Dave Walters winning his age division at the 2015 Chicago Marathon [Photo Credit: Marathon Foto]
Age Divisions

Top 3 Americans*—Outstanding performances for Age in larger print (National Class minimum of 80% age grade or better).

40-44 Abdi Abdirahman 40 Tucson AZ 2:12:48 [95.21%]; Meb Keflezighi 42 San Diego CA 2:15:29 [94.69]; Knox Robinson 42 Beacon NY 2:36:46 [81.83]

45-49 Art Gunther 46 Nyack NY 2:41:18 [82.20]; Topher Gaylord 48 Baltimore MD 2:45:33 [81.46]; Chris Dawes 46 New York NY 2:46:46 [79.50]

50-54 Tim Meigs 51 Raleigh NC 2:43:52 [84.46]; Brad Kelley 51 Jackson Heights NY 2:48:59 [81.90]; Blais Brochard 51 New York NY 2:50:26 [81.20]

55-59 Vic Horne 55 Redmond WA 2:55:42 [81.64]; Paul Stoodley 57 Columbus OH 3:00:04 [81.12]; Phil Dillenburg 59 Flagstaff AZ 3:05:41 [80.15]

60-64 Dave Walters 62 Lisle IL 2:51:39 [89.22]; Joe Standerfer 61 Winston Salem NC 3:04:33 [82.19]; Michael Brosilow 60 Chicago IL 3:09:38 [79.23]

65-69 James Tierney 67 Franksville WI 3:32:24 [75.78]; Bob Welby 65 Northumberland PA 3:35:17 [73.28]; Carl Randall 66 Ocean Isle Beach NC 3:35:49 [73.82]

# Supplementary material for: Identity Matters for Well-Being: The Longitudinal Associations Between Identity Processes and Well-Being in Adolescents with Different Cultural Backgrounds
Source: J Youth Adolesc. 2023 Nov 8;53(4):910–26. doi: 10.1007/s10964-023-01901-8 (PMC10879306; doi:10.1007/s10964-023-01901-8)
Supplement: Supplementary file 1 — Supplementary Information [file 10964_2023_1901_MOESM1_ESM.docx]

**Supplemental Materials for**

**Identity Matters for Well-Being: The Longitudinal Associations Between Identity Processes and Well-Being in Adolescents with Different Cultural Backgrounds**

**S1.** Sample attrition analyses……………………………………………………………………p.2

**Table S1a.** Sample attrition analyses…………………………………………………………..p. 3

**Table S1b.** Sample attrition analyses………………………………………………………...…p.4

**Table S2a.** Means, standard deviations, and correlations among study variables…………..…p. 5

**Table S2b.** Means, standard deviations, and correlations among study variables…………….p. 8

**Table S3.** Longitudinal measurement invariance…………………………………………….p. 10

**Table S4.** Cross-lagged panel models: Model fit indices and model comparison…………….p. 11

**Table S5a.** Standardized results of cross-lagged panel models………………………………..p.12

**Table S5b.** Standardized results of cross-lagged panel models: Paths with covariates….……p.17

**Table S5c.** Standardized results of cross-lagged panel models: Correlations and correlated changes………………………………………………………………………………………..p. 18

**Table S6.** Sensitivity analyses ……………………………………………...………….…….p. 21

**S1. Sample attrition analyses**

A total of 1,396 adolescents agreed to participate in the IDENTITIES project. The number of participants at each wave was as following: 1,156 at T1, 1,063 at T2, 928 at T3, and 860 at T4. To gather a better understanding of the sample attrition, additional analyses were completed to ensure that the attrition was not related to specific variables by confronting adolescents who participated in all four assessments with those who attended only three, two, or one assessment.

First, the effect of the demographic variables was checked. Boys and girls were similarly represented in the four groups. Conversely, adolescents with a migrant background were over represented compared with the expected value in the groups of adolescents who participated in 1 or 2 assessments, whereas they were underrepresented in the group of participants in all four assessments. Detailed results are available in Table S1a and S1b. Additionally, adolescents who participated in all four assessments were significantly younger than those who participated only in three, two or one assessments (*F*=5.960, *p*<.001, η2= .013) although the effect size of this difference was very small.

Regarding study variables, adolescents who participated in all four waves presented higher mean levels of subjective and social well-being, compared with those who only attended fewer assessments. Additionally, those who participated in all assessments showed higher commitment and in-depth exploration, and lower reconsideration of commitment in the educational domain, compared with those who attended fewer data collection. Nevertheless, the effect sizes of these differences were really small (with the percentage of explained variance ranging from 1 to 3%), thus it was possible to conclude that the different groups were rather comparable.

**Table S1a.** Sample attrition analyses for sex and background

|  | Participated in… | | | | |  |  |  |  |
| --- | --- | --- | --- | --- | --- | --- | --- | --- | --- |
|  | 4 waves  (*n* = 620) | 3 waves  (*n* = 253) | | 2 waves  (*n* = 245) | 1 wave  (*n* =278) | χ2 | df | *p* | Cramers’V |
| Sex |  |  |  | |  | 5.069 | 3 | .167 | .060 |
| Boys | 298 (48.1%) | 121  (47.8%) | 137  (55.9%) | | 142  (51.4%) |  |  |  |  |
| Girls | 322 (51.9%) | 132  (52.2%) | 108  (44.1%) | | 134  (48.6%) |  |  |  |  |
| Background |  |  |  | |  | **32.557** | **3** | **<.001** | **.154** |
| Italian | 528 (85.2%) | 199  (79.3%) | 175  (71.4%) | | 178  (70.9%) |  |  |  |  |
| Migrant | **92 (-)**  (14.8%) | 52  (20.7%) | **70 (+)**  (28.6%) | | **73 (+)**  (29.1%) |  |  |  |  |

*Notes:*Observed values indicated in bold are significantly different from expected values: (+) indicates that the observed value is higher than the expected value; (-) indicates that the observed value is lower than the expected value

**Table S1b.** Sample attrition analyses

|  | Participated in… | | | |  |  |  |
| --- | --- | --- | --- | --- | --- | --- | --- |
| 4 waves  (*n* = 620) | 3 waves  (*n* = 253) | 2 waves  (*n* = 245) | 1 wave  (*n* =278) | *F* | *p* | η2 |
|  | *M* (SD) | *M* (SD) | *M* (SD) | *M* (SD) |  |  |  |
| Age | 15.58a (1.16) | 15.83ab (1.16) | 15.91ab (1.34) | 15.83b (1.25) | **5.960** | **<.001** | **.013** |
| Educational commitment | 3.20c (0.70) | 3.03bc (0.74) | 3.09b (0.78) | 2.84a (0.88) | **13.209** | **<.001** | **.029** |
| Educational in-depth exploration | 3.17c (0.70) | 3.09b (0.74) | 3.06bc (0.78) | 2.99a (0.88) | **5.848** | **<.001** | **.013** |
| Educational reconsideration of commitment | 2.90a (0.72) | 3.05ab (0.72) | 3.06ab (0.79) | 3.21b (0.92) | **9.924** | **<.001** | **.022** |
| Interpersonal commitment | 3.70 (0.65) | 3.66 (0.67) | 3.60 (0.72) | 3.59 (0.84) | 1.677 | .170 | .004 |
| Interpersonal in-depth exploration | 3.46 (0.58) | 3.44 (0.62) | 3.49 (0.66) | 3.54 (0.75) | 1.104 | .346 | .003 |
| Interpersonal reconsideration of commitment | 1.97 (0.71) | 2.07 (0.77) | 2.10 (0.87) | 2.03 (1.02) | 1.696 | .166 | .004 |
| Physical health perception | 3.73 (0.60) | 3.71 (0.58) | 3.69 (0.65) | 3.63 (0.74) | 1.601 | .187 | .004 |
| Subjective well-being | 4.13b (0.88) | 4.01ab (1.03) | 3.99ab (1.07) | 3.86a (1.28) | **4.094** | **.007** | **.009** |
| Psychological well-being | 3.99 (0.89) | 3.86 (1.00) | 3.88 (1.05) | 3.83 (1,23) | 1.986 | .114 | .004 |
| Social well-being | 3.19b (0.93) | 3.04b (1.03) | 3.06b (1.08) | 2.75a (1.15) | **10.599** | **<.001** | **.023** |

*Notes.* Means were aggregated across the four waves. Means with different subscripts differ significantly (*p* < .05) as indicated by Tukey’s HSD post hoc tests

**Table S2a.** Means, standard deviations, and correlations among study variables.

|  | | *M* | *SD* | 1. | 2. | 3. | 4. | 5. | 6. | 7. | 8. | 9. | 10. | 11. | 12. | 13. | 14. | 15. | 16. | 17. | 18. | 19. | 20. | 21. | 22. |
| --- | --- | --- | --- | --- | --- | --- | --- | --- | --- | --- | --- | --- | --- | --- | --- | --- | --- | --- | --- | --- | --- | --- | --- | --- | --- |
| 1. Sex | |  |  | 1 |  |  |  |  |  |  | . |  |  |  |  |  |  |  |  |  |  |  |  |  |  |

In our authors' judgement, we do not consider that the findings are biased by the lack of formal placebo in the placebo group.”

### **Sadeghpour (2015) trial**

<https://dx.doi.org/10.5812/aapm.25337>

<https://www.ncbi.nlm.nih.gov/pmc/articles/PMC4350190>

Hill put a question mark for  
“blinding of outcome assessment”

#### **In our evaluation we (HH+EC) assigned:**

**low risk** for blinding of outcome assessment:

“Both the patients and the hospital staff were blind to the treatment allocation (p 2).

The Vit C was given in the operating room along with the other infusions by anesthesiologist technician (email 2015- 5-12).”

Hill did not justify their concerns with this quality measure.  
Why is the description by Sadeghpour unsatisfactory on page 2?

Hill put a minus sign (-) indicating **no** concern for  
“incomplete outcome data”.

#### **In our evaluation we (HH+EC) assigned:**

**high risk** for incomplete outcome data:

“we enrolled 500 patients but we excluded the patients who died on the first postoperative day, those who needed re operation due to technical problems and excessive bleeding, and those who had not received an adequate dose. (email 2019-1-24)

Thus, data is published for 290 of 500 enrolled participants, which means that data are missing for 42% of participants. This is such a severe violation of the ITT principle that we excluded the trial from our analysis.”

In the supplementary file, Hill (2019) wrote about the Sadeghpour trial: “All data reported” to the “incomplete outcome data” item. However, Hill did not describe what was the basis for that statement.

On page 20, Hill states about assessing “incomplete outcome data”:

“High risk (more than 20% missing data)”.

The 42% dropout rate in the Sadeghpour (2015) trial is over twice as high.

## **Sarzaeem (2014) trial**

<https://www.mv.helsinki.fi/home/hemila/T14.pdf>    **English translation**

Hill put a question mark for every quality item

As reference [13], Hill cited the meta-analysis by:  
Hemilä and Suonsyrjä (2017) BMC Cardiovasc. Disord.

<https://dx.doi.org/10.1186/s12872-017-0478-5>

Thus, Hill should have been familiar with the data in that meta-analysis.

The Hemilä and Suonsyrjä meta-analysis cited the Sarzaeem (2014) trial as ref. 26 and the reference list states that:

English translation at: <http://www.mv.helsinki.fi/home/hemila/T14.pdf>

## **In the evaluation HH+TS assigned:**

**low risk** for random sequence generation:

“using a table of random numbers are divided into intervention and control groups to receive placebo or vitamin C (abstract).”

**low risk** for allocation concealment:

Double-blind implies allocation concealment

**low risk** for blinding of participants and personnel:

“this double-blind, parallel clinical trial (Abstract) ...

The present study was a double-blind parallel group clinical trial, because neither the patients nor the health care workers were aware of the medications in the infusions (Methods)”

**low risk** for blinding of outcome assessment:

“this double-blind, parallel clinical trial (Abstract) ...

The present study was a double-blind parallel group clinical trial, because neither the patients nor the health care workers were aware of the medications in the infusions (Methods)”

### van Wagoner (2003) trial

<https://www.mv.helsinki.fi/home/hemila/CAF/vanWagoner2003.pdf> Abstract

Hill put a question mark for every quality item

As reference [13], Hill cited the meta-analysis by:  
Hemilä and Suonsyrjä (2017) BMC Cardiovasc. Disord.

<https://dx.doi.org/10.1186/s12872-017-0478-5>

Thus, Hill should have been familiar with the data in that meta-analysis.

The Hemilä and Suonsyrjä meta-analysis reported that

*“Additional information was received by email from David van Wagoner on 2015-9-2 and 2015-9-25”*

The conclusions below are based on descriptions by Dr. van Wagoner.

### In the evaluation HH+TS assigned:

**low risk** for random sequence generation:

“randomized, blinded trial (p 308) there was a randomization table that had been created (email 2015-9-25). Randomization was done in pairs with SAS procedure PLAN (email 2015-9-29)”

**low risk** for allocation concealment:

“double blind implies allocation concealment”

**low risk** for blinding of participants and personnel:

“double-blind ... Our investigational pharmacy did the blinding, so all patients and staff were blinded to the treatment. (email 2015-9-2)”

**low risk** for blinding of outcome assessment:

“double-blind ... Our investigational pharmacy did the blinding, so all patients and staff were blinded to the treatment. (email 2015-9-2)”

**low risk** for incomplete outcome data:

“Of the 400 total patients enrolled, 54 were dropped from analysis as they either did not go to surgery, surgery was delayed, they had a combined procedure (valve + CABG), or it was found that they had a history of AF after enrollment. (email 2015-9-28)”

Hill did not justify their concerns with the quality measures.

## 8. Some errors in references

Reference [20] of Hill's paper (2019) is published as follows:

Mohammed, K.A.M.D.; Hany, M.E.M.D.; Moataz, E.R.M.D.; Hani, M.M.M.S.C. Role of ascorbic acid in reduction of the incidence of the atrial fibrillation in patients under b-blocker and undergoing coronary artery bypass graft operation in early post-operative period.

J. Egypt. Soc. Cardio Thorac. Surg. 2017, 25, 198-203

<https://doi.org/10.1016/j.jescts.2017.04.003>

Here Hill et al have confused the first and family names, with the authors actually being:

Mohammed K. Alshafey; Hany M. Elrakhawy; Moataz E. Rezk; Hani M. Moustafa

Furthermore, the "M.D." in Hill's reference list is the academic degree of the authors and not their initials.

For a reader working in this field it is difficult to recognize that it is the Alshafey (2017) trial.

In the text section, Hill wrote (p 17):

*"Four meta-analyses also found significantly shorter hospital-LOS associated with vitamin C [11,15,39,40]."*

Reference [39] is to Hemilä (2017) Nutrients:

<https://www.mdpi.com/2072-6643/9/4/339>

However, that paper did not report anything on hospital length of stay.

70-74 Pedro Galva 73 Chicago IL 3:44:31 [76.70]; Ron Fleming 70 Granger WA 3:56:08 [70.31]; Richard Vila 71 Block island RI 3:57:33 [70.67]

75-79 Kenneth Neil 75 Seattle WA 4:25:38 [66.80]; H Krishnaswamy 75 Chandler AZ 4:33:55 [64.78]; Peter Teachout 77 Norwich VT 4:48:00 [63.83]

80-89 Chuck Van Duzee 80 Bradenton FL 6:13:58 [52.38]; Paul Shanahan 80 Cheshire CT 6:28:33 [50.41]; Danil Farkash 81 Forest Hills NY 7:41:22 [43.50]

Danil Farkash, 81, of Forest Hills NY was the oldest finisher, in 7:41:22


Although not as storied as the Chicago and NYC Marathons, the California International Marathon had the distinction this year of being the USATF Open Marathon Championship. As there was no Masters Championship in 2017, that distinction may have attracted the attention of some of our swifter Masters Marathoners. In 2018 they, and other Masters Runners, will have the opportunity to race for a National Marathon Championship at the Snohomish River Run a few miles north of Seattle, on October 14th.

Run for over 30 years, the CIM course is point-to-point, running downhill overall from Folsom Dam to the State Capitol in Sacramento. With a drop of over 100 meters, the course is not record eligible but it should be a good course for PR’S. On December 3, 2017 at 7 am, a strong collection of elite Masters Marathoners lined up behind the Men’s Professional Elite field. The temperature was 40 degrees, the skies overcast and the winds calm, auspicious conditions. The temperatures rose as the morning moved along and the marathoners dropped down toward sea level. But the main change was that the skies became clear; the temps only rose to the mid to upper 50’s, and the winds remained calm.

Masters Men